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Causes of death among persons with multiple sclerosis

      Highlights

      • The causes of death in MS patients are due to MS related complications.
      • The effects of MS combine with comorbidities as one ages.
      • The effect of disability on the incidence of mortality is almost as great as aging.
      • While diminishing with age the excess mortality in MS patients is evident.

      Abstract

      Background

      Multiple Sclerosis (MS) is a leading cause of disability among young Americans. Reports suggest that life expectancy (i.e., average age at death) remains reduced as compared to the general population, but underlying causes of death (UCOD) are less well-characterized.

      Objective

      To describe the cause-specific mortality among participants enrolled in the North American Research Committee on Multiple Sclerosis (NARCOMS) registry and to compare the profile of these causes by age, sex, race and disability status at entry into NARCOMS, with U.S. mortality data.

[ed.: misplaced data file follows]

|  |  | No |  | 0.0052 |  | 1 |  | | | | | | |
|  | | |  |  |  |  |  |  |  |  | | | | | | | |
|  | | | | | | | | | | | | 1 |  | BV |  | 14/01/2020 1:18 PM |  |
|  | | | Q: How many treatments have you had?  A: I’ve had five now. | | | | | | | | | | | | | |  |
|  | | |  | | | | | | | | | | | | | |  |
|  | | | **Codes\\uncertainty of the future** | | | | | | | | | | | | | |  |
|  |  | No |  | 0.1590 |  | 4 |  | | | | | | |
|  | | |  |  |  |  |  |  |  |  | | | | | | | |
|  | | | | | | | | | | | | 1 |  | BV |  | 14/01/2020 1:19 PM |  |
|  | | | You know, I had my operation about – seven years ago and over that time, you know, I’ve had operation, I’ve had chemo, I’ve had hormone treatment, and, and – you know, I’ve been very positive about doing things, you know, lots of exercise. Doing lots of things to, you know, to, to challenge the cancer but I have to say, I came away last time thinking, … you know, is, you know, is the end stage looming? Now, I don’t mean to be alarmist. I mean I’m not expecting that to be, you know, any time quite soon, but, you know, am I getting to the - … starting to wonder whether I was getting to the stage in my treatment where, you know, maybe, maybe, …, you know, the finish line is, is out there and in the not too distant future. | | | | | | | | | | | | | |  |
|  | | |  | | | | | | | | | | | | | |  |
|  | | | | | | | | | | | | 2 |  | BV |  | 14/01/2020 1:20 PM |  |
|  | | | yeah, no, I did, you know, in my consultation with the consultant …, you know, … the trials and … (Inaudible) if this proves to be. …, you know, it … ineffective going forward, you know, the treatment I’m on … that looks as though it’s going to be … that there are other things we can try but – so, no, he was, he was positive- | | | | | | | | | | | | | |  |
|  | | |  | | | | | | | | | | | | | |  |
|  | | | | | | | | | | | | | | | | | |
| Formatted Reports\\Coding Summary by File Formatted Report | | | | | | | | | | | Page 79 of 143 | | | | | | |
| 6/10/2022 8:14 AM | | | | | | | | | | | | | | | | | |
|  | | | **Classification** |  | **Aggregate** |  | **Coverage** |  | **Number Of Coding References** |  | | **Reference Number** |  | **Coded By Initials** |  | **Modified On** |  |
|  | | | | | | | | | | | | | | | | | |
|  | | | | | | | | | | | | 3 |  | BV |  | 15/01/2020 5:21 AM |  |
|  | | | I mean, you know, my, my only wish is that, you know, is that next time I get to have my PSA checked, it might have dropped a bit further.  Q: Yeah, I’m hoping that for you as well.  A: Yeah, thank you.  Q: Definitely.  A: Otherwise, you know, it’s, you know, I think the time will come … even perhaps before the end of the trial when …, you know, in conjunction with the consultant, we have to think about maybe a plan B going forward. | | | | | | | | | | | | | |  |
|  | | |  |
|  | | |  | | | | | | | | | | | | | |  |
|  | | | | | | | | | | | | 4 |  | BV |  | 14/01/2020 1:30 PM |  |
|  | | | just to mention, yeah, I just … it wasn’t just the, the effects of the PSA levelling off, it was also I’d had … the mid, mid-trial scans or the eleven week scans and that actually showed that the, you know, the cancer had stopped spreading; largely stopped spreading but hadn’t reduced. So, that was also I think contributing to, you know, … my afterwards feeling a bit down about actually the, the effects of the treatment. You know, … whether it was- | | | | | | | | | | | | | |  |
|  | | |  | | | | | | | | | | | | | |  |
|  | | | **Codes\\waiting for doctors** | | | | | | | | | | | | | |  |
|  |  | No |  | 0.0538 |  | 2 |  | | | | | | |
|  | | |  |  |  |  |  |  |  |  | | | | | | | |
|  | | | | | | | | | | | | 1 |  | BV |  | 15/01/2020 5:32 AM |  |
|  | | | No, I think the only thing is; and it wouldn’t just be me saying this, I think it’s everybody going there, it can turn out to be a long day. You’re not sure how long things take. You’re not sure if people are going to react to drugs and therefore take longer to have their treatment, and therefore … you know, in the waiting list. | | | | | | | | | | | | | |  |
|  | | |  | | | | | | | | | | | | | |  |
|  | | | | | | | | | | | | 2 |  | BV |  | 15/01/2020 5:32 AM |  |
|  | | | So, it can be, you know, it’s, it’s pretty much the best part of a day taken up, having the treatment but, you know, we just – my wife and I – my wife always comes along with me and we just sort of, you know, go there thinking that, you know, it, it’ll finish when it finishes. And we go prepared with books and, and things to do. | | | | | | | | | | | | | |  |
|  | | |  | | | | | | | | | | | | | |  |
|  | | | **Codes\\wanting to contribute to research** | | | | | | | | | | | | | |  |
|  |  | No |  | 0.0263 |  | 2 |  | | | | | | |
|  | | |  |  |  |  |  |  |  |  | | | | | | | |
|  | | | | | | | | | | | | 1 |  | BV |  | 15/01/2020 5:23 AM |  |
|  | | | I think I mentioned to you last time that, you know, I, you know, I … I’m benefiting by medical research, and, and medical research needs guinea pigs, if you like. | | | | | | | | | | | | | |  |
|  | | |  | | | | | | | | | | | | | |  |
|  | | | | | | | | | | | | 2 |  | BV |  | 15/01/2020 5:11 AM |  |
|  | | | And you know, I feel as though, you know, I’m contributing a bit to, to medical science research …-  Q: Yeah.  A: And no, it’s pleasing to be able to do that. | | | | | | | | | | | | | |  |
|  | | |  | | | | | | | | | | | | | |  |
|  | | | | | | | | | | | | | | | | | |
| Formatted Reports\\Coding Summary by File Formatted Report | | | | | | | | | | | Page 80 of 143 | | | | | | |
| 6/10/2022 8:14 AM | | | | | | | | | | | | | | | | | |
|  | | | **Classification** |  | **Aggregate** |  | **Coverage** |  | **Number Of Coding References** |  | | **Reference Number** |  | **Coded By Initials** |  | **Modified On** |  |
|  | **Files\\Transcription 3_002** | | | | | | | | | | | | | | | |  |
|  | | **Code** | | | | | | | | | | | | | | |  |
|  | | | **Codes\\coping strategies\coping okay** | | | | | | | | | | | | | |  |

Methods

      The underlying cause of death (UCOD), any mention cause of death and proportionate mortality were compared among U.S. NARCOMS participants by age, sex, race and disability status.

      Results

      Of the 32,445 participants to be considered for this study, 2,927 had died. Compared to survivors, decedents were older at enrollment and MS diagnosis, more likely to be male, and had less education. UCOD differed markedly by age group. In both sexes, MS as the UCOD was proportionately lower by 20% or more in those aged 25-39 compared to those aged 75 or older. Cancer and cardiovascular causes were more frequent as causes of death with increasing age, but were less than expected at older ages. The effect of disability on mortality was roughly equivalent to the effect of aging on mortality.

      Conclusions

      Among NARCOMS participants older age at enrollment, male sex and greater disability were associated with increased mortality risk. This cohort of MS subjects had a lower proportionate mortality from cardiovascular disease and cancer compared to the U.S. population.

      Keywords

      1. Introduction

      Multiple Sclerosis (MS) is a chronic, demyelinating disease of the central nervous system (CNS) with an estimated prevalence ranging from 16.6 to 357.6 per 100,000 population in North America.
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      Studies in Europe and Canada suggest that individuals with MS have a reduced life expectancy of about 6 years compared to demographically similar groups in the general population. (